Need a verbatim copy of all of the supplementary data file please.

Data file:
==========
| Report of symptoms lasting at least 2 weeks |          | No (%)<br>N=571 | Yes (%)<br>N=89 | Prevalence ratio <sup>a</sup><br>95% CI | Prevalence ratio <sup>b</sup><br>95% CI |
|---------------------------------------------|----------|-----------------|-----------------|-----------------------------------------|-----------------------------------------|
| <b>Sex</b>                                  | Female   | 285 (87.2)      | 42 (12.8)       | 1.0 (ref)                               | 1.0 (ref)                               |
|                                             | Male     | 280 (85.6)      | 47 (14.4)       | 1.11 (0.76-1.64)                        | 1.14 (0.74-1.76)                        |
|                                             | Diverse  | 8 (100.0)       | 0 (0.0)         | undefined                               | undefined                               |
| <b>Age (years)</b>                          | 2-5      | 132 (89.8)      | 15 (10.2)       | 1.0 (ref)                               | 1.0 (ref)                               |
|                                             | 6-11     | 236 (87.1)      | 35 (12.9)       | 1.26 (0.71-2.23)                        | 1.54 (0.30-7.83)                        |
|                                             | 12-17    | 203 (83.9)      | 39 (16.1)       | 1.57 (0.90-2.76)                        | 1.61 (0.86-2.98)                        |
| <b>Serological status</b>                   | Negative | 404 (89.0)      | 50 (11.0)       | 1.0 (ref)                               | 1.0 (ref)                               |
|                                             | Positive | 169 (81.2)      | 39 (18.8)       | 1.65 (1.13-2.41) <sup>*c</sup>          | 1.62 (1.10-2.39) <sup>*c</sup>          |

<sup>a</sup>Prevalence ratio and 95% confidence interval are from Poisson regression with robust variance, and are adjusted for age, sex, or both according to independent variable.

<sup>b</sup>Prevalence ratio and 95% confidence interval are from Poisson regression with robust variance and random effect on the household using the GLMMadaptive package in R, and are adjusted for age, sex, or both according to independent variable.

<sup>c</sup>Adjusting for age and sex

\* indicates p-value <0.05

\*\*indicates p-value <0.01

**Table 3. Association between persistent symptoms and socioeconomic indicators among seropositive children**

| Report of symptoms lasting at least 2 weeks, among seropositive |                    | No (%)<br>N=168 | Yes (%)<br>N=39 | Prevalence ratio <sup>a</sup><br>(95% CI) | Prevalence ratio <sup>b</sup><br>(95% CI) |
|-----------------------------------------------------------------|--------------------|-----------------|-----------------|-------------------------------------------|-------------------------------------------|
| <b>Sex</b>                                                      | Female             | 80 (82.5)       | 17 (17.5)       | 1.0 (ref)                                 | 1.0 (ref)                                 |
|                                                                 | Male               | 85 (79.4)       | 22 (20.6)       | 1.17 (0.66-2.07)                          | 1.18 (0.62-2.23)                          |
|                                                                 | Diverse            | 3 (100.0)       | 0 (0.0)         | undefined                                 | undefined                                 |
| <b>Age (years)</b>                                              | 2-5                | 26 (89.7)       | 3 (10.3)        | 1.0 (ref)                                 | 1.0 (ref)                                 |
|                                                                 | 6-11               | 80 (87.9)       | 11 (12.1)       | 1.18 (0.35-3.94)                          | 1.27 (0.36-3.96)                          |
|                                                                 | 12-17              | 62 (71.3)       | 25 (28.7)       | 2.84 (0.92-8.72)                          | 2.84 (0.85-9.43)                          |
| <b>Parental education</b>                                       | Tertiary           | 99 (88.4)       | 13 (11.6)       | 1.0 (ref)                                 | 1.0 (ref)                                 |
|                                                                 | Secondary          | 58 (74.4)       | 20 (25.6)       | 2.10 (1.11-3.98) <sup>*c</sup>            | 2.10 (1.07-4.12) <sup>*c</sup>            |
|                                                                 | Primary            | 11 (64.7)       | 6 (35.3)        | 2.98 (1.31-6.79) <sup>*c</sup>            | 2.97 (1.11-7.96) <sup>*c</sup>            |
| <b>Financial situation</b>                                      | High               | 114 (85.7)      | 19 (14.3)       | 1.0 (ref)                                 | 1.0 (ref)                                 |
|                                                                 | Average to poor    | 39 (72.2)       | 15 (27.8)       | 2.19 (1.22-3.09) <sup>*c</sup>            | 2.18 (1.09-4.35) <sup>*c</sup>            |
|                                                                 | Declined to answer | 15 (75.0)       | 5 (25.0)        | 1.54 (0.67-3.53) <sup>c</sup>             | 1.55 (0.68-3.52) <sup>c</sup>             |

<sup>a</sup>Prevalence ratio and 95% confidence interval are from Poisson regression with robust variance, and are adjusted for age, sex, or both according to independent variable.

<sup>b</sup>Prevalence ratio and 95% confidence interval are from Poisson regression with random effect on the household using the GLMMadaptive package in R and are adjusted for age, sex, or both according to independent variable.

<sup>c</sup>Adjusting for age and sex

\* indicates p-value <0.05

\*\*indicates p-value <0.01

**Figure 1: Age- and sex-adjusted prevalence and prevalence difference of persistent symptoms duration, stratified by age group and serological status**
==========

| Report of symptoms lasting at least 2 weeks |          | No (%)<br>N=571 | Yes (%)<br>N=89 | Prevalence ratio <sup>a</sup><br>95% CI | Prevalence ratio <sup>b</sup><br>95% CI |
|---------------------------------------------|----------|-----------------|-----------------|-----------------------------------------|-----------------------------------------|
| <b>Sex</b>                                  | Female   | 285 (87.2)      | 42 (12.8)       | 1.0 (ref)                               | 1.0 (ref)                               |
|                                             | Male     | 280 (85.6)      | 47 (14.4)       | 1.11 (0.76-1.64)                        | 1.14 (0.74-1.76)                        |
|                                             | Diverse  | 8 (100.0)       | 0 (0.0)         | undefined                               | undefined                               |
| <b>Age (years)</b>                          | 2-5      | 132 (89.8)      | 15 (10.2)       | 1.0 (ref)                               | 1.0 (ref)                               |
|                                             | 6-11     | 236 (87.1)      | 35 (12.9)       | 1.26 (0.71-2.23)                        | 1.54 (0.30-7.83)                        |
|                                             | 12-17    | 203 (83.9)      | 39 (16.1)       | 1.57 (0.90-2.76)                        | 1.61 (0.86-2.98)                        |
| <b>Serological status</b>                   | Negative | 404 (89.0)      | 50 (11.0)       | 1.0 (ref)                               | 1.0 (ref)                               |
|                                             | Positive | 169 (81.2)      | 39 (18.8)       | 1.65 (1.13-2.41) <sup>*c</sup>          | 1.62 (1.10-2.39) <sup>*c</sup>          |

<sup>a</sup>Prevalence ratio and 95% confidence interval are from Poisson regression with robust variance, and are adjusted for age, sex, or both according to independent variable.

<sup>b</sup>Prevalence ratio and 95% confidence interval are from Poisson regression with robust variance and random effect on the household using the GLMMadaptive package in R, and are adjusted for age, sex, or both according to independent variable.

<sup>c</sup>Adjusting for age and sex

\* indicates p-value <0.05

\*\*indicates p-value <0.01

**Table 3. Association between persistent symptoms and socioeconomic indicators among seropositive children**

| Report of symptoms lasting at least 2 weeks, among seropositive |                    | No (%)<br>N=168 | Yes (%)<br>N=39 | Prevalence ratio <sup>a</sup><br>(95% CI) | Prevalence ratio <sup>b</sup><br>(95% CI) |
|-----------------------------------------------------------------|--------------------|-----------------|-----------------|-------------------------------------------|-------------------------------------------|
| <b>Sex</b>                                                      | Female             | 80 (82.5)       | 17 (17.5)       | 1.0 (ref)                                 | 1.0 (ref)                                 |
|                                                                 | Male               | 85 (79.4)       | 22 (20.6)       | 1.17 (0.66-2.07)                          | 1.18 (0.62-2.23)                          |
|                                                                 | Diverse            | 3 (100.0)       | 0 (0.0)         | undefined                                 | undefined                                 |
| <b>Age (years)</b>                                              | 2-5                | 26 (89.7)       | 3 (10.3)        | 1.0 (ref)                                 | 1.0 (ref)                                 |
|                                                                 | 6-11               | 80 (87.9)       | 11 (12.1)       | 1.18 (0.35-3.94)                          | 1.27 (0.36-3.96)                          |
|                                                                 | 12-17              | 62 (71.3)       | 25 (28.7)       | 2.84 (0.92-8.72)                          | 2.84 (0.85-9.43)                          |
| <b>Parental education</b>                                       | Tertiary           | 99 (88.4)       | 13 (11.6)       | 1.0 (ref)                                 | 1.0 (ref)                                 |
|                                                                 | Secondary          | 58 (74.4)       | 20 (25.6)       | 2.10 (1.11-3.98) <sup>*c</sup>            | 2.10 (1.07-4.12) <sup>*c</sup>            |
|                                                                 | Primary            | 11 (64.7)       | 6 (35.3)        | 2.98 (1.31-6.79) <sup>*c</sup>            | 2.97 (1.11-7.96) <sup>*c</sup>            |
| <b>Financial situation</b>                                      | High               | 114 (85.7)      | 19 (14.3)       | 1.0 (ref)                                 | 1.0 (ref)                                 |
|                                                                 | Average to poor    | 39 (72.2)       | 15 (27.8)       | 2.19 (1.22-3.09) <sup>*c</sup>            | 2.18 (1.09-4.35) <sup>*c</sup>            |
|                                                                 | Declined to answer | 15 (75.0)       | 5 (25.0)        | 1.54 (0.67-3.53) <sup>c</sup>             | 1.55 (0.68-3.52) <sup>c</sup>             |

<sup>a</sup>Prevalence ratio and 95% confidence interval are from Poisson regression with robust variance, and are adjusted for age, sex, or both according to independent variable.

<sup>b</sup>Prevalence ratio and 95% confidence interval are from Poisson regression with random effect on the household using the GLMMadaptive package in R and are adjusted for age, sex, or both according to independent variable.

<sup>c</sup>Adjusting for age and sex

\* indicates p-value <0.05

\*\*indicates p-value <0.01

**Figure 1: Age- and sex-adjusted prevalence and prevalence difference of persistent symptoms duration, stratified by age group and serological status**